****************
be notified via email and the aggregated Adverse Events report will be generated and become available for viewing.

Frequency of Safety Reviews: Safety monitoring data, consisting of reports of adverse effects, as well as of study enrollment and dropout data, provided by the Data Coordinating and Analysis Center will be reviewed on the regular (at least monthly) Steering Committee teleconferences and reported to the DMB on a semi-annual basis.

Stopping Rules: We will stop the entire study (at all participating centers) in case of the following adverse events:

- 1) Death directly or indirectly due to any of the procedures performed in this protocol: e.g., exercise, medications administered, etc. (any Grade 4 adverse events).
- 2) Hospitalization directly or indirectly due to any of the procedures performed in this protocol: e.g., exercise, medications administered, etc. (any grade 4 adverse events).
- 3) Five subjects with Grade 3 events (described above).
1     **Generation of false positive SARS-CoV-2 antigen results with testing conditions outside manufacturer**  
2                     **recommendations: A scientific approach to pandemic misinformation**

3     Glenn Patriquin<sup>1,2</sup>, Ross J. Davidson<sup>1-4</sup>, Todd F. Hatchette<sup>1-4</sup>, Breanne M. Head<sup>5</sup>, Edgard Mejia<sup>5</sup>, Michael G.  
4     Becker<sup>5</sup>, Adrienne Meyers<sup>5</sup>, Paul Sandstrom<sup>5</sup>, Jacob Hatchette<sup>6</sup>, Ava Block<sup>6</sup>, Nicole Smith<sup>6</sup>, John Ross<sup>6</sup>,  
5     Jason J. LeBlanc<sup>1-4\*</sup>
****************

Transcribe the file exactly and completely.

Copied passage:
be notified via email and the aggregated Adverse Events report will be generated and become available for viewing.

Frequency of Safety Reviews: Safety monitoring data, consisting of reports of adverse effects, as well as of study enrollment and dropout data, provided by the Data Coordinating and Analysis Center will be reviewed on the regular (at least monthly) Steering Committee teleconferences and reported to the DMB on a semi-annual basis.

Stopping Rules: We will stop the entire study (at all participating centers) in case of the following adverse events:

- 1) Death directly or indirectly due to any of the procedures performed in this protocol: e.g., exercise, medications administered, etc. (any Grade 4 adverse events).
- 2) Hospitalization directly or indirectly due to any of the procedures performed in this protocol: e.g., exercise, medications administered, etc. (any grade 4 adverse events).
- 3) Five subjects with Grade 3 events (described above).
1     **Generation of false positive SARS-CoV-2 antigen results with testing conditions outside manufacturer**  
2                     **recommendations: A scientific approach to pandemic misinformation**

3     Glenn Patriquin<sup>1,2</sup>, Ross J. Davidson<sup>1-4</sup>, Todd F. Hatchette<sup>1-4</sup>, Breanne M. Head<sup>5</sup>, Edgard Mejia<sup>5</sup>, Michael G.  
4     Becker<sup>5</sup>, Adrienne Meyers<sup>5</sup>, Paul Sandstrom<sup>5</sup>, Jacob Hatchette<sup>6</sup>, Ava Block<sup>6</sup>, Nicole Smith<sup>6</sup>, John Ross<sup>6</sup>,  
5     Jason J. LeBlanc<sup>1-4\*</sup>